Posts By Millie Noe
Ever since the Yankees won the World Series in 1996 and the camera was forever on Joe Torre’s expressionless face and all the fans living it up behind the batter, I have wanted to sit behind home plate.
I knew way back then, that someday, I, me, Millie Noe, too, would be one of those fancy people, right there in Yankee Stadium.
But that didn’t happen.
New York is a long way from Wisconsin.
And I was more of a Milwaukee Brewer fan.
So I decided that I would sit behind home plate at The Milwaukee County Stadium instead.
But then they went and tore County Stadium down.
But not until they put up Miller Park in its place.
So I thought, “fine, Miller Park it is.”
And then just a couple of weeks ago my dream came true.
All because my grandson is one of the chosen few.
Remember back when you were the same age as the amount of times you saw The Wizard of Oz?
It was an especially big event for our family the year our next door neighbors brought home a brand new color TV.
Due to their purchase, we got to go over to their house to watch the annual showing along with our next door neighbors’ kids.
And the next door neighbor parents came over to our house to not watch The Wizard of Oz, with our parents.
We were flopped on their couch, strewn over their chairs and stretched across their living room carpet, in our pajamas.
I was lying on my stomach on the floor, chin resting in my palms, pushing my budding-two-front-fangs inward with my thumbs, the way my mother always told me to while watching TV.
The lion roared.
The movie started.
This is a story of a day where nothing really goes right and nothing really goes wrong.
I needed new glasses.
“What’s that Louisa?”
You will have to excuse my sister. She is always interrupting me.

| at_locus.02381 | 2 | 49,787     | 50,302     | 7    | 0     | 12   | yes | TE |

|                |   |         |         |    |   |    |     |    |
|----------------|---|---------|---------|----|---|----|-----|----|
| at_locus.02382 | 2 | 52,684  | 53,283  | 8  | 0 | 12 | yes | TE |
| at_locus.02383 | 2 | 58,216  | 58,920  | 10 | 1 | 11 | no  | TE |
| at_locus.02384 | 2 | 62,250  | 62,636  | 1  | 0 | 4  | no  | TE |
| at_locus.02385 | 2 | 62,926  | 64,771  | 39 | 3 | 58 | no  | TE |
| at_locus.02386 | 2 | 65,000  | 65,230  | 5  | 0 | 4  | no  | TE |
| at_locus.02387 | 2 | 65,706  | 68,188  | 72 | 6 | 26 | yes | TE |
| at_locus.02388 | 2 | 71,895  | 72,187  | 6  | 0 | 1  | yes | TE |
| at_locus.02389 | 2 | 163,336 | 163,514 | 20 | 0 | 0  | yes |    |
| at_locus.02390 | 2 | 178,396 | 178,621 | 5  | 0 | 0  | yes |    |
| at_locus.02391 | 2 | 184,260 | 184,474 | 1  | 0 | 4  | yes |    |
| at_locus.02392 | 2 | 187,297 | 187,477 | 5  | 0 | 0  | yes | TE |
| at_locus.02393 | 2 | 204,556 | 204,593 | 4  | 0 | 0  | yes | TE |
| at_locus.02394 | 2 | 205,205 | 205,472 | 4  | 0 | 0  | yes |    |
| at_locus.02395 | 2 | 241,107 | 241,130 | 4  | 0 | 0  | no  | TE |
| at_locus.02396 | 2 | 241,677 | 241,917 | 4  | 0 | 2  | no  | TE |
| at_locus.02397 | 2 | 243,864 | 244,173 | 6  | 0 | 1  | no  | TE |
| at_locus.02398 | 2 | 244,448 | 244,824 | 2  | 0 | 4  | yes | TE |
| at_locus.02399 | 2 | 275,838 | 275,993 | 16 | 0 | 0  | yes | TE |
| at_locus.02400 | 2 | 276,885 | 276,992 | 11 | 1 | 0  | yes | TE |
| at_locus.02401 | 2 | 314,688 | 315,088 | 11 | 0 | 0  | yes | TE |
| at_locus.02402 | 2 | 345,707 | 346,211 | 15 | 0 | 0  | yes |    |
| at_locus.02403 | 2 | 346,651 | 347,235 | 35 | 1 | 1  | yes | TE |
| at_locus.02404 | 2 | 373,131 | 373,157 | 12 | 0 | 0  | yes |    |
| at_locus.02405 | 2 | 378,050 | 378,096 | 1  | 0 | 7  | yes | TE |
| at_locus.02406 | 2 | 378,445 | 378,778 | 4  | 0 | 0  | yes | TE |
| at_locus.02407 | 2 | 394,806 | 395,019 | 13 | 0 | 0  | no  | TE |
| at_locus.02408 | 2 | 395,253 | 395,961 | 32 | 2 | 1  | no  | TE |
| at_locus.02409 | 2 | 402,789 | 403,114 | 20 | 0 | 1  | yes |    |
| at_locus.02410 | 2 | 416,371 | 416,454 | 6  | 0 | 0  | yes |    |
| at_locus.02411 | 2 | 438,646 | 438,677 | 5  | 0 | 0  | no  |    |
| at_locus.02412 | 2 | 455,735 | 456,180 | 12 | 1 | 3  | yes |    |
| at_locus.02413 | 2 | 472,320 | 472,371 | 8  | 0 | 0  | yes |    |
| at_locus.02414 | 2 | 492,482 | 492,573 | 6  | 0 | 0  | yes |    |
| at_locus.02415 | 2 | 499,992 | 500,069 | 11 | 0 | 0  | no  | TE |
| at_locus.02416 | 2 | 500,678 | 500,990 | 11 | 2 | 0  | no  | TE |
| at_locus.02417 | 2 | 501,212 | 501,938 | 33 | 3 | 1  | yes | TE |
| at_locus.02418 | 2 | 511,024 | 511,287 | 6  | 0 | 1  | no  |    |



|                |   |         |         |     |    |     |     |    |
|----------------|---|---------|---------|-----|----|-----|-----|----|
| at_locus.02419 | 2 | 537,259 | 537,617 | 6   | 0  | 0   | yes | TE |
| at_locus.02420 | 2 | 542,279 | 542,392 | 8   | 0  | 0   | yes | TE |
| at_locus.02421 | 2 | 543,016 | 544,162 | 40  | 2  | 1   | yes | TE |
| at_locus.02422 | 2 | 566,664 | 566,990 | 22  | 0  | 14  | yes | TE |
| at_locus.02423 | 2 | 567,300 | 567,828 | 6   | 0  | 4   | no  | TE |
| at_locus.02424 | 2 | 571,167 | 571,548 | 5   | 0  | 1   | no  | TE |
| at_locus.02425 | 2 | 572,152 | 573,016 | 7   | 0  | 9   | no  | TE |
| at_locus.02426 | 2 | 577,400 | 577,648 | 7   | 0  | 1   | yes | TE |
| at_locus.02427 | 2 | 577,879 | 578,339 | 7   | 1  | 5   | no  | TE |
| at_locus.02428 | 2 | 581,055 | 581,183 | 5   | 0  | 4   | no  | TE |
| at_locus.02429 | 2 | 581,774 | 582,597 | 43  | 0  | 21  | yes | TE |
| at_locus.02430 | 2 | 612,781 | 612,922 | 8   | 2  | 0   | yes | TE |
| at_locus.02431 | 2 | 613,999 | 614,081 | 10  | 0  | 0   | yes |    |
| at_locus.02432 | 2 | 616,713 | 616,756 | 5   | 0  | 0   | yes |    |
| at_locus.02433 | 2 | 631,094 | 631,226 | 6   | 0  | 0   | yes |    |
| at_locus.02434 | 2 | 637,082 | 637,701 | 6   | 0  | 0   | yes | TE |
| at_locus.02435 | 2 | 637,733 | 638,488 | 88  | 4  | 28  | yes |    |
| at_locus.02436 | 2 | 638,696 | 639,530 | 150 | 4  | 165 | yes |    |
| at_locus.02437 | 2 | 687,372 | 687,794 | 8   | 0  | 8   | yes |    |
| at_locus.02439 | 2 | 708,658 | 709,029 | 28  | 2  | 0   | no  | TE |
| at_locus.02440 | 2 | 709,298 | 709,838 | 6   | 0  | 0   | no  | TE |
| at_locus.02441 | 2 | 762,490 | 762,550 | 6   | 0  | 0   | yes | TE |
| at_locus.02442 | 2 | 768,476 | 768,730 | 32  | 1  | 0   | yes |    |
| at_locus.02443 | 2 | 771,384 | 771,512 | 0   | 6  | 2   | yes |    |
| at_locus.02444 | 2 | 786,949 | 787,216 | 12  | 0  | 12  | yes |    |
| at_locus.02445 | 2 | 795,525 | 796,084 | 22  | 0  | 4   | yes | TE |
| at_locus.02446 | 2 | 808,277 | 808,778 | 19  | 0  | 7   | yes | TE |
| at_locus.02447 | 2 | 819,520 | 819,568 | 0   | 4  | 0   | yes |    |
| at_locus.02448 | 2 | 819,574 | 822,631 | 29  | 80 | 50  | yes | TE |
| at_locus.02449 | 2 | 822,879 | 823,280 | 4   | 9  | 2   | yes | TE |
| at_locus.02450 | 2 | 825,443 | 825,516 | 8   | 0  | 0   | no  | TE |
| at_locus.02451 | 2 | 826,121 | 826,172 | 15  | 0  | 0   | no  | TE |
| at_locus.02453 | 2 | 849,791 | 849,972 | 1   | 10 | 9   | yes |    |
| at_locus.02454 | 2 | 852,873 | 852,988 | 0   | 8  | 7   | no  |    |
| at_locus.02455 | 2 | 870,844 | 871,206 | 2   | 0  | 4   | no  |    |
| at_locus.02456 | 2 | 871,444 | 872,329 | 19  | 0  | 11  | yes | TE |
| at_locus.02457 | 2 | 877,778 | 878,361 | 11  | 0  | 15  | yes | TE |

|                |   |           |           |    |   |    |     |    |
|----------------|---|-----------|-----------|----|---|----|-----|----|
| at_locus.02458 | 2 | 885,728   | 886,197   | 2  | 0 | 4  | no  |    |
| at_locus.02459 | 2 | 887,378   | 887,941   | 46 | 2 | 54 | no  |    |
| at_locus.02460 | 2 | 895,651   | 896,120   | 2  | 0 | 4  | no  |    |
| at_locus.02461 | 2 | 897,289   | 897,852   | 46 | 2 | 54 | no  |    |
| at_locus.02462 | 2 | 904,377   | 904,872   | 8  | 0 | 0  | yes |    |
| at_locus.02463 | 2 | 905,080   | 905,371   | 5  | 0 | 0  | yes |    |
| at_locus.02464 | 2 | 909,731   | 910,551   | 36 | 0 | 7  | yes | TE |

“Yes Louisa, this is the pedicure day story.”
I have been wearing, bent up, Sponge Bob Square Pants bifocals at the office for the past ten years.
And every so often a person has to make that call and set up an appointment and get a new prescription, especially when that person is having a difficult time telling the difference between threes and eights and her job is all about reading numbers and her job does not exclude certain numbers, just because she is having difficulty reading them.
What I really wanted was a dog.
And I wanted a leash.
I wanted a dog and a leash.
So that I could take that dog for a walk.
I was fifteen years old and in my opinion at the time, halfway to middle age, when that dream came true.
But it wasn’t my dream alone.
There were eight of us jammed into the cracker box house on the corner. Six of the eight happened to be offspring. And we offspring all wanted a dog. Even the baby. But we also enjoyed eating. So I suppose it would have been hard for my parents to choose which one of us would have to go without breakfast in order to take on another mouth to feed. And we might not get that second book read to us before bedtime with another creature looking for attention at the same time.
My guess is these were the reasons that the answer was always, “No dog.”
At least my parents tried to suffice.
They did what they could with a limited budget and limited space.
Calvin, my older brother came home from the pet store with a couple of tiny turtles.
We tried to convince those turtles to have races across the living room carpet. But they weren’t really that interested in it. They were turtles. Except for the one named Speedy. Speedy could have won every race handily, if he would have ever run in a straight line.
It was exasperating.
It was before Nafta and it was back when vertical blinds were popular.
I know this because I worked in manufacturing, packing vertical blinds.
And we were busy.
We were so busy that my department was on mandatory overtime.
I don’t know about you, but I find the word mandatory to be abrasive. And if you put an abrasive word like mandatory in front of another disturbing word like overtime, and both of those words are referring to your life, it is not good.